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Ignorant of global affairs
– by Hans Dembowski
© Sasha Montag / dpa / picture-alliance
Airport tower in Gabun / Flughafentower in Gabun
William Easterly does not hesitate to express his doubts about development agencies. After working at the World Bank for a decade and a half, this American economist now teaches at the New York University. The professor’s favourite issue are the shortcomings of his colleagues, the development experts.
Easterly has nothing but scorn for the Growth Commission, which, on behalf of the World Bank, assessed what makes poor-county economies grow (E+Z/D+C June,
p. 225). He wrote in the Financial Times that its final report was so vague that it really only illustrated how perplexed – and thus useless – the experts are. He closed his polemic with a plea that “freedom” be the basis for successful economic development, referring to Friedrich von Hayek’s age-old ideas.
It is true that the Commission did not provide any panacea. But it did outline an interesting role for the state. The Commission is not in favour of simply allowing the market free rein, as Hayek’s adepts from Milton Friedman to Margaret Thatcher did – an approach that, at the World Bank, resulted in radical deregulation and privatisation schemes. Instead, the Growth Commission advises governments to ensure
– that domestic industries become competitive through innovation and imitation,
– that meaningful economic reforms find wide acceptance because many people get a share of the benefits, and
– that adequate funds flow into infrastructure and the development of professional skills.
No doubt, these points help to explain the rise of newly industrialising countries in Asia. Easterly’s freedom rhetoric, on the other hand, does not contribute to understanding the recent history of, say, the small city state of Singapore – not to mention the giant People’s Republic of China.
There are many reasons why development has not succeeded as desired everywhere. It bares repitition that the world’s trade regime puts poor rural societies at a disadvantage. But it is brazen to blame development agencies for the market-distorting effects of subsidised agricultural surpluses that are shipped from rich countries to poor ones in the form of food aid, which is precisely what Thilo Thielke did in Der Spiegel Online in June. Do ministers of commerce, agriculture or economic affairs in rich nations have no responsibilty for international relations?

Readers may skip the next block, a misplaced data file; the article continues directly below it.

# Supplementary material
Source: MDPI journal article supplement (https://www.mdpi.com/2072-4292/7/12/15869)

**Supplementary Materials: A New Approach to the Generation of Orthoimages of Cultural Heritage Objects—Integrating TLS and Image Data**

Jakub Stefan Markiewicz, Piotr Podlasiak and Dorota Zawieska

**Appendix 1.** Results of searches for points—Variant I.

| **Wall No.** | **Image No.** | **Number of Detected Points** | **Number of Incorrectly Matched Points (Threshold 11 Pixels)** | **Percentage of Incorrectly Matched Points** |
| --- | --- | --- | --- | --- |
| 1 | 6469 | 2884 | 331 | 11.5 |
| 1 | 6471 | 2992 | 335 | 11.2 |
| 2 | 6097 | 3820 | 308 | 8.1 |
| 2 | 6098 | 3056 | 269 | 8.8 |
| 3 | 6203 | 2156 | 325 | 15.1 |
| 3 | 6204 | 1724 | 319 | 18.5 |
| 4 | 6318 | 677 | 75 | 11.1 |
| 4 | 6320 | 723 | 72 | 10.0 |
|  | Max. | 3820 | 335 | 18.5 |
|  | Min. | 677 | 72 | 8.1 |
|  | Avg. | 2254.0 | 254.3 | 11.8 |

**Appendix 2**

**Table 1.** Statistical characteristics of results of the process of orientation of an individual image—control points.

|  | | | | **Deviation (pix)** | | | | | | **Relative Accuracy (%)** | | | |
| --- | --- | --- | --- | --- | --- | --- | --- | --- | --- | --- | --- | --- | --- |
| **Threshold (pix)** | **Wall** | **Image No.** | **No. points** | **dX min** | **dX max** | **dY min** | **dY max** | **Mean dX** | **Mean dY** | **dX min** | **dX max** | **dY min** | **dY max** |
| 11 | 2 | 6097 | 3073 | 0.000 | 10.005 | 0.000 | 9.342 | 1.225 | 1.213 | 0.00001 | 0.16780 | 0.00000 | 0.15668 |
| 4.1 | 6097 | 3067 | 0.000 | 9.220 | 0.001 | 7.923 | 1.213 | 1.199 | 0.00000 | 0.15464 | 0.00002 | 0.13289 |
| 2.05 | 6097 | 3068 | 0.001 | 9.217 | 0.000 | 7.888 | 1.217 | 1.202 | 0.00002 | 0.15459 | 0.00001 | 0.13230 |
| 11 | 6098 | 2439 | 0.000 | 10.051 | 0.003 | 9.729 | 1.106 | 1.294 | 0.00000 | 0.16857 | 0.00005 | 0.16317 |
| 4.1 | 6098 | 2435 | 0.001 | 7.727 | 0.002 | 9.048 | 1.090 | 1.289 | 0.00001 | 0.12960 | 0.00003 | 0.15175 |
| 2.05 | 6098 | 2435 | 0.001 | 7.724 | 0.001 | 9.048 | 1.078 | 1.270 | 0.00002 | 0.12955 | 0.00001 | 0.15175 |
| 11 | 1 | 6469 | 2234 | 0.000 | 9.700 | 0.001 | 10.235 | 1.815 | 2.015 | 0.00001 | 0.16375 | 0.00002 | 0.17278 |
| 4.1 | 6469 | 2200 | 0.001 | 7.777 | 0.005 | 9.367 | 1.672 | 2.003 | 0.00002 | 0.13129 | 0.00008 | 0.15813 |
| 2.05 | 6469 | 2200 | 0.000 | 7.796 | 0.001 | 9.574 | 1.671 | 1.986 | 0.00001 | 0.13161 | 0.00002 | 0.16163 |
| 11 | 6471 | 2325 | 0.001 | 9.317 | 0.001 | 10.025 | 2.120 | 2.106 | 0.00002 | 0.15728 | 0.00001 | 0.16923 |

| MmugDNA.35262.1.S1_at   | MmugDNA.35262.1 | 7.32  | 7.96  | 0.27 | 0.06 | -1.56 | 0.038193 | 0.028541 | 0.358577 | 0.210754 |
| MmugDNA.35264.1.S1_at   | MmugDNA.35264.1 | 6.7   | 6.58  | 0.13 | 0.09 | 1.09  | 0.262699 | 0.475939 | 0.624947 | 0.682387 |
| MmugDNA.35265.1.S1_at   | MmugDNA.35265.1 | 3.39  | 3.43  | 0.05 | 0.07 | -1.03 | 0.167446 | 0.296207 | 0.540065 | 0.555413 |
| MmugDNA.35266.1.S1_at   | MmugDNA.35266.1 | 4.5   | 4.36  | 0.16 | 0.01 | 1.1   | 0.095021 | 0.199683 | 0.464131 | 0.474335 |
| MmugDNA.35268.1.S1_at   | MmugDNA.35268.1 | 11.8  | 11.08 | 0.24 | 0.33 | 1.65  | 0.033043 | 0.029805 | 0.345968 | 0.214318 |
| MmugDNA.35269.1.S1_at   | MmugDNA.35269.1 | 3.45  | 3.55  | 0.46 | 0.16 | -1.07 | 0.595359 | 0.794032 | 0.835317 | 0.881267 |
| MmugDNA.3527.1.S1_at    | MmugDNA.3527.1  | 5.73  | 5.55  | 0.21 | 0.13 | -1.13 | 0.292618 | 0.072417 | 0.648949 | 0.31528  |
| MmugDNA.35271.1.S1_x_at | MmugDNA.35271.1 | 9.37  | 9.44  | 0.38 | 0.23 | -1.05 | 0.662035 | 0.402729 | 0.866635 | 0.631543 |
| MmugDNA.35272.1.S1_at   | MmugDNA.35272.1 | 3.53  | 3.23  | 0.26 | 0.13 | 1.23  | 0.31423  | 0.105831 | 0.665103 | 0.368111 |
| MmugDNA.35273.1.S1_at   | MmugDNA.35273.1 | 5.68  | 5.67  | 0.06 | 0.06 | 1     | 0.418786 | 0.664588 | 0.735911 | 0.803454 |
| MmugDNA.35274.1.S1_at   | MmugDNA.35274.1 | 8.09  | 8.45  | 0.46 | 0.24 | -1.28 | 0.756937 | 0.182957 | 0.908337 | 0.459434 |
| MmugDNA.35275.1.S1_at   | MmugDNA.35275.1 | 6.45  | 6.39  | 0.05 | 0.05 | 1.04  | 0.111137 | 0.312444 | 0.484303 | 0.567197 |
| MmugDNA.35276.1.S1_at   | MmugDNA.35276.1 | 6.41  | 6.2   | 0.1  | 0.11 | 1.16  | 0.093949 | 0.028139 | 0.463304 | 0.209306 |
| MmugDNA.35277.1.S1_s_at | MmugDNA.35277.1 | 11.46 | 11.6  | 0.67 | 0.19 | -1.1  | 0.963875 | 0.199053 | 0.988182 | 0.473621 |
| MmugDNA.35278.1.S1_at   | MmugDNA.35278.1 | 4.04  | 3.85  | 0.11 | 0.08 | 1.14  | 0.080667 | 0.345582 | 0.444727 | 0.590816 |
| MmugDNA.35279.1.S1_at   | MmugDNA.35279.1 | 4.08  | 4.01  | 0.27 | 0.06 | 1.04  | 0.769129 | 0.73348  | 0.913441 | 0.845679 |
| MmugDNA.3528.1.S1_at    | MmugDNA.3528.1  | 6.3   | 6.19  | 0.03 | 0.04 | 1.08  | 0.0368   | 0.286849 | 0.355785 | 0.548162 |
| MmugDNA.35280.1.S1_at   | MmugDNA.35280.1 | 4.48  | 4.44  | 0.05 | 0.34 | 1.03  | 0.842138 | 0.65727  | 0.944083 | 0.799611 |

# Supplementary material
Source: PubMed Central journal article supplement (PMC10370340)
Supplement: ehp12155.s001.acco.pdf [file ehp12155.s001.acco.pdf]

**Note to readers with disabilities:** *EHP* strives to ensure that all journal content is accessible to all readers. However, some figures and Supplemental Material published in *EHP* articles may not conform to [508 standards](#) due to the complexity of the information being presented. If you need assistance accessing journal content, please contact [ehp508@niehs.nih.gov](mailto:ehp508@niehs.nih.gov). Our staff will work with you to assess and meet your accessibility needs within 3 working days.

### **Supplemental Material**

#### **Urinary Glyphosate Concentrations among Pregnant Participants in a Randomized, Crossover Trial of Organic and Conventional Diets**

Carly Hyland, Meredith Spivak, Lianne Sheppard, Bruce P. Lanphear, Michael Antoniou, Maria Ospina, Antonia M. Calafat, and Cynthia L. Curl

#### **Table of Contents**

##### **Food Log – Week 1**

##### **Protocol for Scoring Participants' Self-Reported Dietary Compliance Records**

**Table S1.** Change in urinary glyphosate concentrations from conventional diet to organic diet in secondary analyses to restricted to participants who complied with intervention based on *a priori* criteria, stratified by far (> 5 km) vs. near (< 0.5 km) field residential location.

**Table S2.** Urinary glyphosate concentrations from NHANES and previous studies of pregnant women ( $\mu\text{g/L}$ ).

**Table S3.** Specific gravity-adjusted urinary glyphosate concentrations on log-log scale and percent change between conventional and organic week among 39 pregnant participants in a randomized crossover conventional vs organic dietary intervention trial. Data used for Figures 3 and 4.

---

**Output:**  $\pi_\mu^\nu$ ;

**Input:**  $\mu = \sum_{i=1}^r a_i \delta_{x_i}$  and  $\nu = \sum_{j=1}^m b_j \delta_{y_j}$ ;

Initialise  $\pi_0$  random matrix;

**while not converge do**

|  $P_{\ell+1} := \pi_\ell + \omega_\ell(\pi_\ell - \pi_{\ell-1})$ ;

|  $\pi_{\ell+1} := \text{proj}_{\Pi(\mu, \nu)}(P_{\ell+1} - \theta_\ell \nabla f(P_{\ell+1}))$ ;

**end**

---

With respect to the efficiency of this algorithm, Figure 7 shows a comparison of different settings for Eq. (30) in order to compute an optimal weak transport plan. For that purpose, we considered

Thielke scoffed at unscrupulous leaders in Africa and aid workers who play into their pockets. But he did not mention that the dysfunctional elites of poor countries often benefit from rich nations’ foreign, security and commodity policies, as well as from the action of multinational corporations.
Let’s put things in perspective. Nobody wants Germany’s Ministries of Economics or Labour and Social Affairs to be abolished just because there has been mass unemployment in the Federal Republic since the 1970s. Nowhere on earth is the prevalence of crime turned into an argument against the existence of the police, courts and home ministries. If a finance minister’s right to his title depended on a balanced budget, there would not be many left of them.
Specific fields of policymaking typically revolve around major, unsolved and to some extent even unsolvable problems. The end of global poverty would indeed be a reason to do away with all development agencies. As long as poverty persists, however, we will have to discuss funding, methods and general conditions. But obivously, something has to be done.
In the United States, the world’s super power, the political right has an obvious motive to condemn multilateral policy-making. Easterly is playing their game, though he may deny it. That Der Spiegel, which generally opposes go-it-alone attitudes in the US, should adopt a similar tone, is no proof of its understanding of development issues. Rather, it reveals blatant ignorance of global affairs. If the benefits of globalisation are to be shared fairly, thinking in terms of international equity will have to be the norm in all departments. And that will not happen as long as the media downplay the responsibility of the rich nations’ most powerful politicians and special interests.